Called Dragon Energy Island , the project would consist of giant underwater turbines that would power thousands of homes across Swansea and beyond, a floating modular homes development, underwater data centre, a solar farm and the production of hydrogen.
The new scheme is seen as a replacement for the tidal project in Swansea Bay, which failed to receive support from the UK Government.
A report commissioned by a Swansea Bay City Region task force found the latest plan for the tidal lagoon is “financially viable” as it is 30% cheaper than the £1.3 billion estimated cost of the previous project – but it does not take into account the homes, shops, solar farm and data centre.
Rob Stewart, Swansea Council Leader and Chairman of the city region’s task force said there was “huge support” to deliver the lagoon.
He added: “Despite the UK Government not backing the previous proposals, we never gave up hope on the opportunity to deliver a major renewables project in Swansea Bay… The new proposal is a larger and more ambitious renewable energy development that’s built upon the natural tidal benefits of Swansea Bay and complimentary technology to generate zero-carbon power.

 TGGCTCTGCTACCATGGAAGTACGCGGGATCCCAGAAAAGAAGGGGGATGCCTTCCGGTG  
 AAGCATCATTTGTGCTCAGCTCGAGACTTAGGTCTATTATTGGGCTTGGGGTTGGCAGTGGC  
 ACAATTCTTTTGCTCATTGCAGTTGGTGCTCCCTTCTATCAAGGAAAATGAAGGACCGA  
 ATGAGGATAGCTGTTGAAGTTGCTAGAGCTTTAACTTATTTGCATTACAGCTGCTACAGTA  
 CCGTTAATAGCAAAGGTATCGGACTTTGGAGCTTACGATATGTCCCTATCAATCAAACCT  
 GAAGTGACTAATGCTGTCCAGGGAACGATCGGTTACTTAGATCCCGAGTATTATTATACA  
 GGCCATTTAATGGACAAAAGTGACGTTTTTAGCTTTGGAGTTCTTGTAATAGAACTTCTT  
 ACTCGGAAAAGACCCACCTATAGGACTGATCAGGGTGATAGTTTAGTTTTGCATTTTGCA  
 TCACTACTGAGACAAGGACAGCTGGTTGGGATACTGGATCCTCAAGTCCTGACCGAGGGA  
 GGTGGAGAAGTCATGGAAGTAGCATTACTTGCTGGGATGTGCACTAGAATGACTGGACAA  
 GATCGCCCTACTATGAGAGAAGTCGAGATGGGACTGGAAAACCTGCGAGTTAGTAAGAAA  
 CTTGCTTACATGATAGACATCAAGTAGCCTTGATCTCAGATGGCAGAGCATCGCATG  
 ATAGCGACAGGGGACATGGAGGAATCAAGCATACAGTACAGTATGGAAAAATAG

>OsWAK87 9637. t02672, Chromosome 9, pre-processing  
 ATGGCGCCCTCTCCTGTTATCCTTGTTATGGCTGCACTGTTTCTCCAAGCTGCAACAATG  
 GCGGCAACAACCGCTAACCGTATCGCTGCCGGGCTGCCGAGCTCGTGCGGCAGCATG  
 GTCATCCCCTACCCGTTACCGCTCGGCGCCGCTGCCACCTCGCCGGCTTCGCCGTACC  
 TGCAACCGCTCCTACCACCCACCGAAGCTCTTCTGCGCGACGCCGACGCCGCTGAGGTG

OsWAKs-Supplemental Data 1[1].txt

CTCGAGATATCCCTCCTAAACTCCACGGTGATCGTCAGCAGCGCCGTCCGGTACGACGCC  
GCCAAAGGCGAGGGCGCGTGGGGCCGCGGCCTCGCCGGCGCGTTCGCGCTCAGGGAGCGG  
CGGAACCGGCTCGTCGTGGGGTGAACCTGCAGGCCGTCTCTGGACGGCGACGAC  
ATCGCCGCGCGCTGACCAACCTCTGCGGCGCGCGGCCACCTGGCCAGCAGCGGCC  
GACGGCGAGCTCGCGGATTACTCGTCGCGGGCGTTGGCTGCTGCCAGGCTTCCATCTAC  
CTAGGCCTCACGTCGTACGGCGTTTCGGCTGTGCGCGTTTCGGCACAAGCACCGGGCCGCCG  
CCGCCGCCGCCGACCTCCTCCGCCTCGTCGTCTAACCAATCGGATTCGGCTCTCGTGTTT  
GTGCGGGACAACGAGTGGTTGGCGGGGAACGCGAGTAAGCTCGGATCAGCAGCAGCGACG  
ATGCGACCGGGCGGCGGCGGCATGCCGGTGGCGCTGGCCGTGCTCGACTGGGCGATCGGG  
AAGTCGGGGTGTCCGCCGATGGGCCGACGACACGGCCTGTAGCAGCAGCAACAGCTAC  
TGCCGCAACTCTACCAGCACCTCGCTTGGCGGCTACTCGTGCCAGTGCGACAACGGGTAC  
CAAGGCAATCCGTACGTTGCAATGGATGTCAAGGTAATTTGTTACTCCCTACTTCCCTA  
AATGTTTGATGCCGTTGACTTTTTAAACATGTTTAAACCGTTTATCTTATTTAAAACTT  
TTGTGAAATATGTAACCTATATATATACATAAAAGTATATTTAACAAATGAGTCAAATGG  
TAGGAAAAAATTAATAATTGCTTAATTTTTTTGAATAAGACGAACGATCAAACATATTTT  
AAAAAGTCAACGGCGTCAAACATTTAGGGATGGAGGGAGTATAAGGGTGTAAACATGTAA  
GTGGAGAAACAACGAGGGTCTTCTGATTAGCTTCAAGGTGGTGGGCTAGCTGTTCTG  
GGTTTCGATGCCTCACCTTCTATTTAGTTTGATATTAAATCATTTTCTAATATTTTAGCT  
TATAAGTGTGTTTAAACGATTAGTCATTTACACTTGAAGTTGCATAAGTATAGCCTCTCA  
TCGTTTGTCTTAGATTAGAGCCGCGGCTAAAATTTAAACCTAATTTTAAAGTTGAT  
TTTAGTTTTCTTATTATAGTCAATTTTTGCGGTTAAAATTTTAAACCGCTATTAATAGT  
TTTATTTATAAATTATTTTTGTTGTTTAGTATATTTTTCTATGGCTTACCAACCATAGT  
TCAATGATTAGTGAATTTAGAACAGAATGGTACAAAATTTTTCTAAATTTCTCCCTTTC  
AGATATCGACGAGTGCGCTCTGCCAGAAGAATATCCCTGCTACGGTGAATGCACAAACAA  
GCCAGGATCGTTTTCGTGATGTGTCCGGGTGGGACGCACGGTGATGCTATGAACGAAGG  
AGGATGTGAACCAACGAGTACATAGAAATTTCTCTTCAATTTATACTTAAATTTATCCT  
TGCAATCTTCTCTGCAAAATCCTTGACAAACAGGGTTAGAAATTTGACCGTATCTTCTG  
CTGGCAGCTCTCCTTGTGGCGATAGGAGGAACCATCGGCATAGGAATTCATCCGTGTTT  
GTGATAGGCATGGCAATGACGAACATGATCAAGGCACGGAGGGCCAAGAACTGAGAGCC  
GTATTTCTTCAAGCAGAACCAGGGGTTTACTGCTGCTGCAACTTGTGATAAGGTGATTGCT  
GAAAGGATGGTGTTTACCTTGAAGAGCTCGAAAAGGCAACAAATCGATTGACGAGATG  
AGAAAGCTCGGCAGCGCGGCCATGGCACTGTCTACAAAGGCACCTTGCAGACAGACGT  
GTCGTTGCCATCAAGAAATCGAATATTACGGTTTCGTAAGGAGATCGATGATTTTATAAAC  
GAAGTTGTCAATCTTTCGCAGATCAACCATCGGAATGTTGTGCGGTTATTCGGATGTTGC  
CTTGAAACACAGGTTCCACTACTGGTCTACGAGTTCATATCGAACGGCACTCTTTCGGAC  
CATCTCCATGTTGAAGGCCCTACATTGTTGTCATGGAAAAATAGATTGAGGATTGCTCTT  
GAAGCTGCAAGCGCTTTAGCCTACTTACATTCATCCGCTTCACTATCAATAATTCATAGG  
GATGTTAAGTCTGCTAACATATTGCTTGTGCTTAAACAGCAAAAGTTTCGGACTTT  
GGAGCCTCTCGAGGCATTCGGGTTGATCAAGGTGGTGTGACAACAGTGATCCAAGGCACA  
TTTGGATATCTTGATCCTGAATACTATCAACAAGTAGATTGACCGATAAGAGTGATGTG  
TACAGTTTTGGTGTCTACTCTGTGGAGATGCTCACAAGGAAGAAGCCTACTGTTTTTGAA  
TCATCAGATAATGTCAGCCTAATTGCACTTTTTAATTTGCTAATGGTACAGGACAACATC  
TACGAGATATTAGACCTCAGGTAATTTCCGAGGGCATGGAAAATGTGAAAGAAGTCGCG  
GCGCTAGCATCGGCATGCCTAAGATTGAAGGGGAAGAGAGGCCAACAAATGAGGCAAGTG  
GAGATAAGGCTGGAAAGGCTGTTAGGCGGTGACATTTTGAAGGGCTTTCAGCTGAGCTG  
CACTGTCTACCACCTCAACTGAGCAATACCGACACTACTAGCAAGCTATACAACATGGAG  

“The tidal lagoon is at the heart of the new proposal and gives us the opportunity to create a new floating community of homes and businesses within the sea wall. This has already been successful in countries like Holland, Germany and Denmark, providing a sustainable solution to issues including population density and climate change.
“This project will place Swansea Bay at the forefront of worldwide marine energy innovation, create thousands of jobs, boost local supply chain businesses and help develop a globally significant export industry in Swansea Bay.”
The report will be discussed by Swansea Bay City Region’s joint committee later this month.